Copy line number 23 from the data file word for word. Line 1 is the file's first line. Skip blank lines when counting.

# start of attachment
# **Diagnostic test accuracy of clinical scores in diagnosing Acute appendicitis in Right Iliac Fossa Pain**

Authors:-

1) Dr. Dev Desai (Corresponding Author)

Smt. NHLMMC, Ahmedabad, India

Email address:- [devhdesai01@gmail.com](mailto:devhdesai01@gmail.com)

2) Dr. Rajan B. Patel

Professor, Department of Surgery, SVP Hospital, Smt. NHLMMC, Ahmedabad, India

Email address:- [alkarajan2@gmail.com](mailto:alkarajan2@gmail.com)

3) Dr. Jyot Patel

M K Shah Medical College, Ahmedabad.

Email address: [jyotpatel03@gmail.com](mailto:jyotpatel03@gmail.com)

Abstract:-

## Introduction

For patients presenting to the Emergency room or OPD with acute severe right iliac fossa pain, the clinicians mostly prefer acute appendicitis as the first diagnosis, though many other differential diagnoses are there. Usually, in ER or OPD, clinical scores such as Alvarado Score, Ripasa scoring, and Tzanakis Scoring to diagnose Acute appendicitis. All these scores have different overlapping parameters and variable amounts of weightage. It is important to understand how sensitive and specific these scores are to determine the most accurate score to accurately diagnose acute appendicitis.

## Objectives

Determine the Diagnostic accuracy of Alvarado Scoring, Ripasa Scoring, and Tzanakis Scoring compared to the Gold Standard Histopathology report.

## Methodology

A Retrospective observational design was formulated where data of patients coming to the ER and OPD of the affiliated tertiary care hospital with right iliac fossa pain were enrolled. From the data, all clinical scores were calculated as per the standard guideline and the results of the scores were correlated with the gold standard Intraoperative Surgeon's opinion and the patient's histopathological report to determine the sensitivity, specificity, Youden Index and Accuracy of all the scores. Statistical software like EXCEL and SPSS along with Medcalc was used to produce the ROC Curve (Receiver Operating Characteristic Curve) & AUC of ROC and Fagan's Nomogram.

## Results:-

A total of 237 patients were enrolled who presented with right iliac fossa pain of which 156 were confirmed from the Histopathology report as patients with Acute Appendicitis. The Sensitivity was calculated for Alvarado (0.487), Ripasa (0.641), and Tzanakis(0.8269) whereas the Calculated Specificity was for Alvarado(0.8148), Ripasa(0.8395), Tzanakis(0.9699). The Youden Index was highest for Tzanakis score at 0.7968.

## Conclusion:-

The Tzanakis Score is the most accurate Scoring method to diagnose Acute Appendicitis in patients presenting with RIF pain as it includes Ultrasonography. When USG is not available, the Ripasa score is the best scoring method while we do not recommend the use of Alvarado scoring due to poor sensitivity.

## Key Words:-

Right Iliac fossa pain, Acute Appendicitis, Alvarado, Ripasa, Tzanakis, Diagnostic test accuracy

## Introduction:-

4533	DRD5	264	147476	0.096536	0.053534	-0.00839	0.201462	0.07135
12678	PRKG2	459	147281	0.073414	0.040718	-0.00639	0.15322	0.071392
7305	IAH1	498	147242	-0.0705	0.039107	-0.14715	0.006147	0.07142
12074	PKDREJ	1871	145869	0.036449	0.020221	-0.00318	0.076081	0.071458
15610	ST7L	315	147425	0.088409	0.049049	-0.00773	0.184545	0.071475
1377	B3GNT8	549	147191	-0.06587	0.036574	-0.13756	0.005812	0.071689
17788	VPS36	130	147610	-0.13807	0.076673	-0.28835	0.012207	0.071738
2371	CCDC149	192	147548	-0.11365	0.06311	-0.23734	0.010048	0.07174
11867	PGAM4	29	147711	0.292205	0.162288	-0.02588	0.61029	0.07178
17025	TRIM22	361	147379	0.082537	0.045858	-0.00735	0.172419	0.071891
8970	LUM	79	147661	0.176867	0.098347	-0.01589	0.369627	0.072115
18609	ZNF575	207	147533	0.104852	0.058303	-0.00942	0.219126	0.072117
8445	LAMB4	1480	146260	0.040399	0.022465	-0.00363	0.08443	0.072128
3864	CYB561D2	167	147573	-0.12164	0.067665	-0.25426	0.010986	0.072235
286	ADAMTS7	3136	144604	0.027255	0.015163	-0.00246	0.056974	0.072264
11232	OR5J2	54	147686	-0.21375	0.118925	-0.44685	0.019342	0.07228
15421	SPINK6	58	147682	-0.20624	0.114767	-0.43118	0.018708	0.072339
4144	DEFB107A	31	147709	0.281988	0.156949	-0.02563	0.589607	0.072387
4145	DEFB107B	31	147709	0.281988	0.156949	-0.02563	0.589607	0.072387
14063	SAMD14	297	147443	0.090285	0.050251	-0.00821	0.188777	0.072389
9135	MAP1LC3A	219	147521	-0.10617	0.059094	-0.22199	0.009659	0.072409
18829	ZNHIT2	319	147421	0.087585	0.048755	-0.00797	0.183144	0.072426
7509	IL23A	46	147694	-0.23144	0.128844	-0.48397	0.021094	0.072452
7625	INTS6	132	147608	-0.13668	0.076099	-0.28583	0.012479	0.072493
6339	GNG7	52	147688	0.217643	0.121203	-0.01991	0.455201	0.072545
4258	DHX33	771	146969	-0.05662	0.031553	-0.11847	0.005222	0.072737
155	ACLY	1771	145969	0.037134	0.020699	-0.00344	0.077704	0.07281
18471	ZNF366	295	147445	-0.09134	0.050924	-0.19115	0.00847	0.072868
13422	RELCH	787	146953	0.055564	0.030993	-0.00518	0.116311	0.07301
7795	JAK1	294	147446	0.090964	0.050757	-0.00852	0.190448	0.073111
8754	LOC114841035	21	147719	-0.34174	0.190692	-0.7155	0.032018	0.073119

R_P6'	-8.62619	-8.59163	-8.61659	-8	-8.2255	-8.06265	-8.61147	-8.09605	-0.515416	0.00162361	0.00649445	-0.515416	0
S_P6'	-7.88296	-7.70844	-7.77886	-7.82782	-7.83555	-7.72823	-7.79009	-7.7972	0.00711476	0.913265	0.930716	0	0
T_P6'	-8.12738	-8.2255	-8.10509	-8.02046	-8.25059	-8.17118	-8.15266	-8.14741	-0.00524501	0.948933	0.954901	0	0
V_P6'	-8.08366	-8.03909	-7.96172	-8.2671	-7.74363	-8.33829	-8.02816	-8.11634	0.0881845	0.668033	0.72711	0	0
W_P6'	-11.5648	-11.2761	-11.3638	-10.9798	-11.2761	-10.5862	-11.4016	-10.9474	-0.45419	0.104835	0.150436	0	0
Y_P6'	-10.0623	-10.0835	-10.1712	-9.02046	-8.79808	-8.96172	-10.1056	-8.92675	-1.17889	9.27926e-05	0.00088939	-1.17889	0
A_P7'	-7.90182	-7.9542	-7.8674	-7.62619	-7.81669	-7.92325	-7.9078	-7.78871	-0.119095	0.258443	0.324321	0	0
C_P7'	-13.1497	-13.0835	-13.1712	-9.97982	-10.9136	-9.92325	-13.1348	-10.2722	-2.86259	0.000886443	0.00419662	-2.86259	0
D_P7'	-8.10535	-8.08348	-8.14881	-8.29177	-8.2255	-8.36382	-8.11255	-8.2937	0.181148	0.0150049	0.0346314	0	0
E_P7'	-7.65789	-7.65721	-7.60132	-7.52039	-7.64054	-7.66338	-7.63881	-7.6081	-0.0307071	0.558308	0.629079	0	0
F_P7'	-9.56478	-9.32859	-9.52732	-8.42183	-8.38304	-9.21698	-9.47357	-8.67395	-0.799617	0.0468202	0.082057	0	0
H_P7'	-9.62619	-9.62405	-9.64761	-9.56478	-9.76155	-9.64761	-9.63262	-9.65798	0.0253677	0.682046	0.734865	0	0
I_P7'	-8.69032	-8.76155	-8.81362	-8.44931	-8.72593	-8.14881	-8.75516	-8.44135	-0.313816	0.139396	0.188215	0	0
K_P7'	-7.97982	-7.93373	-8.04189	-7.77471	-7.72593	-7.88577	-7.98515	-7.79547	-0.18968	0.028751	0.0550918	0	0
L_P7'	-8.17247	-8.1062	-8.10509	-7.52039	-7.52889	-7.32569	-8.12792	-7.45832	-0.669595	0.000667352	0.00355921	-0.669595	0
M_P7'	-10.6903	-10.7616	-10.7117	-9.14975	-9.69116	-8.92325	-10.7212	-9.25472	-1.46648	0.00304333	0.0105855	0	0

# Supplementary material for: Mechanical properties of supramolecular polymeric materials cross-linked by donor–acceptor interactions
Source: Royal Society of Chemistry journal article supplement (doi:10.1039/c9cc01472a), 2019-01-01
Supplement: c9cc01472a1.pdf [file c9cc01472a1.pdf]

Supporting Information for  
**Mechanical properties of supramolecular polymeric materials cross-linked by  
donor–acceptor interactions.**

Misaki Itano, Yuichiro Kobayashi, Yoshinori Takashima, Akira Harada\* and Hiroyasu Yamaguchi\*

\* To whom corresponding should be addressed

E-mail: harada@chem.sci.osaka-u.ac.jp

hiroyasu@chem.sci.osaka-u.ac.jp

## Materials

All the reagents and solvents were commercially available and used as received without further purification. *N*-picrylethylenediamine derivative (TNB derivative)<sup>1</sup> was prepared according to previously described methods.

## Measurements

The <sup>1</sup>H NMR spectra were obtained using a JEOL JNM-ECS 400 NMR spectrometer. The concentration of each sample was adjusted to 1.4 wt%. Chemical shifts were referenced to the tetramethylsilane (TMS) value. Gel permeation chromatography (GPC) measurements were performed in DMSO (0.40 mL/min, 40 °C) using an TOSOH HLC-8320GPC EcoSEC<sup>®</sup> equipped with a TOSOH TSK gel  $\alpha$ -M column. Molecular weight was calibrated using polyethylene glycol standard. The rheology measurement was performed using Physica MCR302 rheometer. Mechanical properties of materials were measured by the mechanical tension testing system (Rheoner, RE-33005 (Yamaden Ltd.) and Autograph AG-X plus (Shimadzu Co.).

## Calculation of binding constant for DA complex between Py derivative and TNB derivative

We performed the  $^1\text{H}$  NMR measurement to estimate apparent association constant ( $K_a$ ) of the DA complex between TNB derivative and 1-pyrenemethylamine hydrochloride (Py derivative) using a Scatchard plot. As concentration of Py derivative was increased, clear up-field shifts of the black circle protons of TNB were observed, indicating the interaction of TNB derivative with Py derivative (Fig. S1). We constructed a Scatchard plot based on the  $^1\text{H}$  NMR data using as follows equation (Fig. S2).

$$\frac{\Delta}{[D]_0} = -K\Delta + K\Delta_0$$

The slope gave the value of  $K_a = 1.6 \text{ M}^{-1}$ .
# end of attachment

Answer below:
## Key Words:-